Improved models for offshore wind farm fluid dynamics to maximize resource usage

Richard Stevens, Dennice Gayme, Charles Meneveau
Department of Mechanical Engineering, Environment, Energy,
Sustainability and Health Institute (E2SHI) & Center for Environmental and
Applied Fluid Mechanics (CEAFM), Johns Hopkins University, Baltimore, MD

A known drawback of existing fluid mechanics models commonly employed for wind farm design is that they tend to underestimate the strength of interactions due to turbine wake effects, especially in the case of large wind farms. This underestimation can lead to so-called “wind farm under-performance”, which refers to a common phenomenon in which wind farm installations generate less average power than preconstruction predictions. An important aspect missing in traditional wake models is the coupling between the wind farm and the atmospheric flow in the so-called atmospheric boundary layer. Such a coupling is particularly significant for large offshore wind farms because they occupy a significant fraction of the boundary layer height. This modeling challenge has motivated our research into improving the models of both turbulent wakes behind wind turbines and their interactions with the atmospheric winds. New physical insights have been deduced from a suite of large-eddy simulations (LES) based computer models that resolve the turbulent air motions down to several meters.

We use our in-house, high performance computer research code (the JHU-LES code) that can be run efficiently on the Maryland Advanced Research Computing Center (MARCC) cluster. The LES-generated insights [1] have been used to develop the Coupled Wake Boundary Layer (CWBL) model for wind farms[2]. The CWBL model has been compared to field measurements from the Horns Rev and Nysted off-shore wind-farms operating over a wide range of wind inflow directions, showing excellent results. The model has been used to determine economically optimal wind turbine spacings in off-shore wind farms, taking into account both cabling and maintenance costs[3]. We also use large eddy simulations to elucidate the characteristics of wind velocity fluctuations and variability of wind farm power[4,5]. Such knowledge is important to better deal with the inherently variable and intermittent nature of wind energy.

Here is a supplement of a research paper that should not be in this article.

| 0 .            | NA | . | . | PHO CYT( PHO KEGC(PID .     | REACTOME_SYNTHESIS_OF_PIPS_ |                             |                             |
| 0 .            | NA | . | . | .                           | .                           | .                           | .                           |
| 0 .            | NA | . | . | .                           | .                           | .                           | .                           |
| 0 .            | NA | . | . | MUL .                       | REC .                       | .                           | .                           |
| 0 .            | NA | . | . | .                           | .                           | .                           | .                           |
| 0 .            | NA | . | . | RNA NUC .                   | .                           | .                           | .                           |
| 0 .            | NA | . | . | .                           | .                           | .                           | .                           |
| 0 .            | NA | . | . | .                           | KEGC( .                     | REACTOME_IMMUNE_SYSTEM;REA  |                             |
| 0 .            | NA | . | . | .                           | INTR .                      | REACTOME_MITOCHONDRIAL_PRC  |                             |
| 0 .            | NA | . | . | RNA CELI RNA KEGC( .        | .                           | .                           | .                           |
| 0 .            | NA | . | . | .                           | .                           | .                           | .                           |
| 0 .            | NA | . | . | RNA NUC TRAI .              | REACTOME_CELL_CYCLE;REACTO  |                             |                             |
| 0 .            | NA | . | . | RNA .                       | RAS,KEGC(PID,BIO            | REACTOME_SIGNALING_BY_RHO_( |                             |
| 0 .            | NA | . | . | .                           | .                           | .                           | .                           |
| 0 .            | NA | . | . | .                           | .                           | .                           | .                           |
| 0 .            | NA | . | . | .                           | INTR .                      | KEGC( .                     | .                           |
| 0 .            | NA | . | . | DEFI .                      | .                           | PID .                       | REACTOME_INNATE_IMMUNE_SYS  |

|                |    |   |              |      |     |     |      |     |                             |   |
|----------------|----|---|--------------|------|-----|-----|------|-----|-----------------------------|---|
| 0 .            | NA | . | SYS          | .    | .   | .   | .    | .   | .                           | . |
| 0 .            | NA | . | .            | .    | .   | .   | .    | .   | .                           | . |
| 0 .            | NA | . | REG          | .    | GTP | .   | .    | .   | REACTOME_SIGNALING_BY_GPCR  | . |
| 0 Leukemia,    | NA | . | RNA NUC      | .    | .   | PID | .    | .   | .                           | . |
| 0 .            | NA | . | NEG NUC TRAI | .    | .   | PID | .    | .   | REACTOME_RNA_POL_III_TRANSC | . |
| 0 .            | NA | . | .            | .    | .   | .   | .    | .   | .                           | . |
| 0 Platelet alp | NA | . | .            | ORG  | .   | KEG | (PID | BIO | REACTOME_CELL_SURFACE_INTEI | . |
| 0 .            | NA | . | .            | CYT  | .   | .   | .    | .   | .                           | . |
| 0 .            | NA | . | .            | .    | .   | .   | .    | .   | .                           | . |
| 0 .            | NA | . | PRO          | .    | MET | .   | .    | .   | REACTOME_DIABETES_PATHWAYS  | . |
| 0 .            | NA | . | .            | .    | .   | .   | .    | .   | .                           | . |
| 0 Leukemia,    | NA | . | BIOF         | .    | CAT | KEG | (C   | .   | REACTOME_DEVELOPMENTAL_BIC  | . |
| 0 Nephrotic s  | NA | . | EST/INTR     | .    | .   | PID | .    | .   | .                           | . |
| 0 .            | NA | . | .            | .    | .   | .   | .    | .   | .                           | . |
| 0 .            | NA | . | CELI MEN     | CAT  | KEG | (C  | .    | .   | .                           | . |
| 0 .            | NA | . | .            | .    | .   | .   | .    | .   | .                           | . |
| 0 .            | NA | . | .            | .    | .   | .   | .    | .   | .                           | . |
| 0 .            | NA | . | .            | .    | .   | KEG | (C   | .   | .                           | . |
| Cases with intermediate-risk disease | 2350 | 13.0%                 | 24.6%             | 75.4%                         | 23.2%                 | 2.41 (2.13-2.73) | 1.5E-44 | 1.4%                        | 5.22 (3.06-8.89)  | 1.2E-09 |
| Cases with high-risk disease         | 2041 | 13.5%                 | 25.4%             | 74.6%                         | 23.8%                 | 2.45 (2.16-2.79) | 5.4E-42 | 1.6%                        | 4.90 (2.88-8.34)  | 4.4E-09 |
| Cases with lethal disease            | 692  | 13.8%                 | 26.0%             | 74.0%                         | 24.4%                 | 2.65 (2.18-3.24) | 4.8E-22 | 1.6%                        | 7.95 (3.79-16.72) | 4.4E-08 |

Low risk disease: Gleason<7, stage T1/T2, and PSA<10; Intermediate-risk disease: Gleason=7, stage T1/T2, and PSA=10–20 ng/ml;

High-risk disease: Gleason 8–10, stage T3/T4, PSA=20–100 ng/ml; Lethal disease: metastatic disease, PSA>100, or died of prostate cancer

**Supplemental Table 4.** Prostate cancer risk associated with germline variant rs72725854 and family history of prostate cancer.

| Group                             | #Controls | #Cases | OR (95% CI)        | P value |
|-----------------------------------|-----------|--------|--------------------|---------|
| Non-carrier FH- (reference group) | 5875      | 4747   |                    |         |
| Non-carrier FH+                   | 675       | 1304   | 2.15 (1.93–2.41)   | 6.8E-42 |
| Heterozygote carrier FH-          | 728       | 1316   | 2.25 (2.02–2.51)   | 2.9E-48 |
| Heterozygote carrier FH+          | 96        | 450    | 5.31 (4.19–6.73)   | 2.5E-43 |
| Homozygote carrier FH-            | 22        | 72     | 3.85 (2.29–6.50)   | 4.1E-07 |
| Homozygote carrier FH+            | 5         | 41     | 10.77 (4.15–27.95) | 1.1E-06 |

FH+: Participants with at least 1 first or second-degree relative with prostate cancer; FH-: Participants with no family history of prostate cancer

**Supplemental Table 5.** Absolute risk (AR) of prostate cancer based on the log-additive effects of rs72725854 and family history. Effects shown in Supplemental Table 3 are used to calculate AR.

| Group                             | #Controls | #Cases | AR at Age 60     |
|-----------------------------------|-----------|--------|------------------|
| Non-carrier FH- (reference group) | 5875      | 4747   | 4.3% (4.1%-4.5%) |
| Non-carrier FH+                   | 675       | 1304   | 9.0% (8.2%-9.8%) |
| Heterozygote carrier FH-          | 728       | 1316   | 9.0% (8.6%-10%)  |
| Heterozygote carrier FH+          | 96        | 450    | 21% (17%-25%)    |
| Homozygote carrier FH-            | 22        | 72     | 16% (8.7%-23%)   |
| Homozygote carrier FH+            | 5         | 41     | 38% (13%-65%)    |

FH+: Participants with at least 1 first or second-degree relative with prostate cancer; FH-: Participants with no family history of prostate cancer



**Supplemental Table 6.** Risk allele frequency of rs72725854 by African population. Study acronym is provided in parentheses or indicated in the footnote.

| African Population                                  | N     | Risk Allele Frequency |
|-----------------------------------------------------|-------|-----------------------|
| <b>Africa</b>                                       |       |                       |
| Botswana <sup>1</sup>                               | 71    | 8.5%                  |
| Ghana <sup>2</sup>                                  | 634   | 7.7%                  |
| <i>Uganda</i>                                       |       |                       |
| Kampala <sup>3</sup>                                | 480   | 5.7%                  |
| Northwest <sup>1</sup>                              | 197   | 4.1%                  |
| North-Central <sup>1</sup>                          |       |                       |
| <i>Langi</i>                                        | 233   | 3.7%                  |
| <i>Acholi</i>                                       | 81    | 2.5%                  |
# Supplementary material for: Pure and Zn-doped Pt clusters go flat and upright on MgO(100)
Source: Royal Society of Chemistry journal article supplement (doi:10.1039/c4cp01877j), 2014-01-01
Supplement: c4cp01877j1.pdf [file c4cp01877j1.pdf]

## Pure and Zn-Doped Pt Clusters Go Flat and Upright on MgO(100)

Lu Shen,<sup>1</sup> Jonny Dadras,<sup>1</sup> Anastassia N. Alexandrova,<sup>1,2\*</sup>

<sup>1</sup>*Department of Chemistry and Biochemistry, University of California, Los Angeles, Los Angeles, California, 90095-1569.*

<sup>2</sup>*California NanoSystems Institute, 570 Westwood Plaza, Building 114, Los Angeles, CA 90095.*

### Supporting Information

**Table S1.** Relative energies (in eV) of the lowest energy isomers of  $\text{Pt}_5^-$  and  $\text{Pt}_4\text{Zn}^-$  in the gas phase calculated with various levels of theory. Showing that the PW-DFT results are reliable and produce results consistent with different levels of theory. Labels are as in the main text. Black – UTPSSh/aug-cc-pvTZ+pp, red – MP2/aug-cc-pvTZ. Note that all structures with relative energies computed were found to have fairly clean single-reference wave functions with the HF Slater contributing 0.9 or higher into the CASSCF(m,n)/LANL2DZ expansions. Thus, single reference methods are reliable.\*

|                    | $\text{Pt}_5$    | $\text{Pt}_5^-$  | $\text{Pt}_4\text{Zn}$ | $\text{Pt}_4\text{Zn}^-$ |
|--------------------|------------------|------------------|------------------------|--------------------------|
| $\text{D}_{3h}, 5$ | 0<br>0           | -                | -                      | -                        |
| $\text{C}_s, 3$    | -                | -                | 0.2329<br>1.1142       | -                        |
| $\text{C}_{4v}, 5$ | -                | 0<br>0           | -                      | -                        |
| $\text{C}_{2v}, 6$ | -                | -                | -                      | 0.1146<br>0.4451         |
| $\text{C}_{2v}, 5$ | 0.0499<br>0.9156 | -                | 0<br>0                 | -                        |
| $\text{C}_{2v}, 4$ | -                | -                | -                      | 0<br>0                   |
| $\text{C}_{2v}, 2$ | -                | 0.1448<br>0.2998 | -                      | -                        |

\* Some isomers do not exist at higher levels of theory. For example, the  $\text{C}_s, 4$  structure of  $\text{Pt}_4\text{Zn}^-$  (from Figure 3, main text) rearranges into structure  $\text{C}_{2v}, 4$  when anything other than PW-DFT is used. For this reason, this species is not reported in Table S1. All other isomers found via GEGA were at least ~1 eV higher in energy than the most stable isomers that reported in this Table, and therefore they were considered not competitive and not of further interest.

Research objective:
Develop accurate but practical prediction methods for wind farm power output levels over a wide range of flow conditions, based on high fidelity simulation (LES) methods and first principles. Use such models for wind farm layout optimization and resource usage maximization.

Large Eddy Simulations based on actuator disk and actuator line models are performed on various percomputers, such as “Bluecrab” at the Maryland Advanced Research Com-puting Center (MARCC); and analysis of simulation results to determine flow properties and power reduction at turbines across wind farm as function of various turbine placements.

Based on insights from LES, we have developed the new engineering CWBL model, which iteratively couples Jensen wake model with top-down atmospheric model. The model is based on equating wind speeds at turbine location.


• We have shown how systematic studies of wind farms based on LES can be used to develop an engineering model (the CWBL wind farm model).
• The CWBL model can be evaluated very efficiently, e.g. on Personal Computers.
• Comparison with data: CWBL model is more accurate than prior models
• Such models can be used to find optimal layouts$^3$ and spacings between turbines in off-shore wind farms and thus lower the COE (Cost of Energy).

[1] Stevens, R.J.A.M., Gayme, D.F. and Meneveau, C. (2014), “Large Eddy Simulation studies of the effects of alignment and wind farm length”, J. Sust. Renew. Energy 6, 023105.
[2] Stevens, R.J.A.M., Gayme, D.F. and Meneveau, C. (2015), “Coupled wake boundary layer model of wind-farms”, J. Sust. Renew. Energy 7, 023155.
[3] Stevens, R.J.A.M. Hobbs, B.F., Ramos, A. and Meneveau, C. (2017), “Combining economic and fluid dynamic models to determine the optimal spacing in very large wind farms”, Wind Energy 20, 465-477.
[4] Stevens, R.J.A.M. and Meneveau, C. (2014), “Temporal structure of aggregate power fluctuations in large-eddy simulations of extended wind-farm”, J. Sust. Renew. Energy 6, 0431002.
[5] Wilczek, M., Stevens, R.J.A.M. and Meneveau, C. (2015), “Spatio-temporal spectra in the logarithmic layer of wall turbulence: large-eddy simulations and simple models”, J. Fluid Mech. 769, R1.

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